COP28: Cities in the face of the rising tide

COP28: Cities in the face of the rising tide
Major metropolises are on the frontline, facing some of the highest risks from coastal flooding. / Dibakar Roy via Unsplash
By Clare Nuttall in Glasgow December 1, 2023

By 2050 an estimated 1bn people globally will be living in coastal areas, which are already threatened by rising tides that put at risk their homes, livelihoods and the cities they call home. As sea levels rise as a result of melting ice caps and warming oceans, storms, intensified by shifting temperatures, also contribute to increased flooding.

Major metropolises are on the frontline, facing some of the highest risks from coastal flooding. According to Théophile Bongarts Lebbe, project manager at the Sea'ties initiative for climate change and coastal adaptation, emerging markets cities with tens of millions of inhabitants such as Kolkata, Mumbai, Dhaka and Jakarta are among the cities with the highest number of people at risk from coastal flooding, while Miami, Guangzhou and New York are the most vulnerable cities in terms of assets exposed. 

“Yet, it is not just megalopolises that are threatened medium-sized cities worldwide are [also] concerned. In Europe, one third of the population lives less than 50 km from the coast (over 200mn people), nearly 50mn of whom live in low-lying coastal areas,” Lebbe tells bne IntelliNews

“Furthermore, it is estimated that around 72,000 people in the EU are exposed to coastal hazards every year. In the Baltic region, coastal cities such as Gdansk and Riga are vulnerable to coastal erosion (which can be worsened by human activities along the shoreline), coastal floods and the severity and frequency of storms.”

Appeal to COP28 nations 

In response to these mounting dangers, the Ocean & Climate Platform (OCP) initiated the Sea’ties project in 2020, dedicated to supporting threatened coastal cities by facilitating the conception and implementation of effective adaptation strategies. In the run-up to COP28, the platform unveiled a set of comprehensive policy recommendations aimed at assisting coastal cities in adapting to the inevitable rise in sea levels. 

Sea level rise is a consequence of the ice sheet and glaciers melting due to human-induced climate change. The acceleration of the sea level rise observed in the 20th century may lead to a potential one-metre increase by 2100 if greenhouse gas (GHG) emissions are not curbed sufficiently. This is an irreversible phenomenon that is set to persist for centuries, posing existential threats to coastal cities.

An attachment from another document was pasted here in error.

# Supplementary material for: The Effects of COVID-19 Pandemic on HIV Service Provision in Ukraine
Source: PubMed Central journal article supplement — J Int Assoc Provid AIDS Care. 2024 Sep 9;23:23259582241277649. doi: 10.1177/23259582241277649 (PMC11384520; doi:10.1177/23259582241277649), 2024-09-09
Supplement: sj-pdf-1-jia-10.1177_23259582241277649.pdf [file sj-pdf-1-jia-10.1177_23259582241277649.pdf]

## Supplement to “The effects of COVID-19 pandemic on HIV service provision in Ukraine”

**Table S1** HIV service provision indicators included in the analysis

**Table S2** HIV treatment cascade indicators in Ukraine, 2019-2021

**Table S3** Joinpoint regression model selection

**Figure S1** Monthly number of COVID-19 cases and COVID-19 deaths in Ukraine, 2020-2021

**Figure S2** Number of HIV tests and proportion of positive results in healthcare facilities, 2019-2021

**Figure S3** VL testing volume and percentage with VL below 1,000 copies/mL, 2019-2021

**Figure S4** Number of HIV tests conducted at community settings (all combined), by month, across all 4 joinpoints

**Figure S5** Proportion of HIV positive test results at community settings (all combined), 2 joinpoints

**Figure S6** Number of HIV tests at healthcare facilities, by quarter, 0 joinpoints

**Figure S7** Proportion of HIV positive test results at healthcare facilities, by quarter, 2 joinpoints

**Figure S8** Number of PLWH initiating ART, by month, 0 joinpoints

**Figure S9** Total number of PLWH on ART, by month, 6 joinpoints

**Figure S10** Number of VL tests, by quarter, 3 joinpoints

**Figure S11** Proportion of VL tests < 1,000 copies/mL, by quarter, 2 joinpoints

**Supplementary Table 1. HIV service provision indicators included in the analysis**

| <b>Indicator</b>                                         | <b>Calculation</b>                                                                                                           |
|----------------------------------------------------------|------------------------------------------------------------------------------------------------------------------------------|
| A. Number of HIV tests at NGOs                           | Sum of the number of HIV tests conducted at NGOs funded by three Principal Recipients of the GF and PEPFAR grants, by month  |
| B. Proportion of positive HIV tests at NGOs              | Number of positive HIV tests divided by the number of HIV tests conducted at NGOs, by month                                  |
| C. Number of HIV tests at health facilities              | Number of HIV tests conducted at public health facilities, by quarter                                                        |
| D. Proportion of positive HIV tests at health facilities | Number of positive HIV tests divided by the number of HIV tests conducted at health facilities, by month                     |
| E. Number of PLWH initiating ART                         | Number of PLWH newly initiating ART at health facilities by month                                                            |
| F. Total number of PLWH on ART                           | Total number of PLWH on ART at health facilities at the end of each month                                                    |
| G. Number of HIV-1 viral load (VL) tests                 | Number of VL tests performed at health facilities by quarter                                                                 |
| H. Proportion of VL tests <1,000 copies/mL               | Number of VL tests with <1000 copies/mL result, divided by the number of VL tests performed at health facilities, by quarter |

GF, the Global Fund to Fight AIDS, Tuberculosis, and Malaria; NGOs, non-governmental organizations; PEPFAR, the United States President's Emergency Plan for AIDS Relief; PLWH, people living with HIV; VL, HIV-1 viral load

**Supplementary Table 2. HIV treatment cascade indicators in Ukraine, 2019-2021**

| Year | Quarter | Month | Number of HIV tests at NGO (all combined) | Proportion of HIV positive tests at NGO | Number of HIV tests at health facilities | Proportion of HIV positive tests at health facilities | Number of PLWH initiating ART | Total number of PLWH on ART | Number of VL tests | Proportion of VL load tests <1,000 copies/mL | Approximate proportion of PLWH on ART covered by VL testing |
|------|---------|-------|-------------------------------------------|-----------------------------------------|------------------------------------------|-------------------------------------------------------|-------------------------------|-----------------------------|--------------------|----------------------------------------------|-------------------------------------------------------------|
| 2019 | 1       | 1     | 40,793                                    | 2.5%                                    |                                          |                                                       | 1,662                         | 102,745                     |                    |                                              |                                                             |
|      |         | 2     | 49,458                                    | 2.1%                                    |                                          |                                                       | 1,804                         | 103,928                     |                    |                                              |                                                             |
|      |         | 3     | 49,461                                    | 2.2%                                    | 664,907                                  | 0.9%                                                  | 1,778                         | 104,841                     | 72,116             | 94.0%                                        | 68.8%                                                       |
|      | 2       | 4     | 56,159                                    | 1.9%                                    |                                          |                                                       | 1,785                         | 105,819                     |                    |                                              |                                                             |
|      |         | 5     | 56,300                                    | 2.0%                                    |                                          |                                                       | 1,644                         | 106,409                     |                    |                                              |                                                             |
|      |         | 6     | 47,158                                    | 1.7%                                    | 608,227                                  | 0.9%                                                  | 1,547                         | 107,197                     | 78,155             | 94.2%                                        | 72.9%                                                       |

The gradual rise in sea levels is just part of the picture; it is combined with sudden extreme levels, often induced by tropical cyclones, resulting in land loss, chronic tidal flooding, coastal erosion, salinisation and ecosystem degradation.

As outlined in a paper from the Sea’ties Ocean & Climate Platform, the exposure of coastal communities to such threats is heightened by urban development and other human activities. Extracting resources like sand, groundwater and hydrocarbons contributes to subsidence. 

This is an unprecedented phenomenon and no one knows how fast sea levels will rise; it depends on how successful humans are in cutting greenhouse gas emissions, the speed at which the Antarctic and Greenland ice sheets melt and other variations. Despite the uncertainties, it is certain that risks associated with sea level rise will increase, as the target of limiting global warming to 1.5°C above pre-industrial levels by 2100, in line with the Paris Agreement, looks increasingly ambitious.

Short-term solutions 

Coastal cities, despite the occasional headline-grabbing climate disaster like Hurricane Katrina or Jakarta's relocation, are for the most part shockingly underprepared. 

Sea level rise adaptation only recently became a political priority, and there is not currently a unified vision for a climate-resilient future for coastal cities at national and international levels.

City authorities often resort to short-term engineering solutions like seawalls that may exacerbate the problem. The lack of financial, human and technical resources, combined with insufficient engagement from regional authorities, hampers effective co-ordination.

In response to erosion and flooding, cities often resort to engineering solutions like seawalls, which may exacerbate the issue. Ambitious adaptation strategies are rare, hindered by a lack of financial, human, and technical resources. Regional authorities are insufficiently engaged, hindering coordination, and knowledge exchange among practitioners is limited. 

Call for international action 

The mission of Sea’ties is to elevate the adaptation of coastal cities on the international agenda. Ahead of COP28, they are advocating for greater support, sharing key messages with elected representatives, scientists, project developers and private companies to secure the transition needed.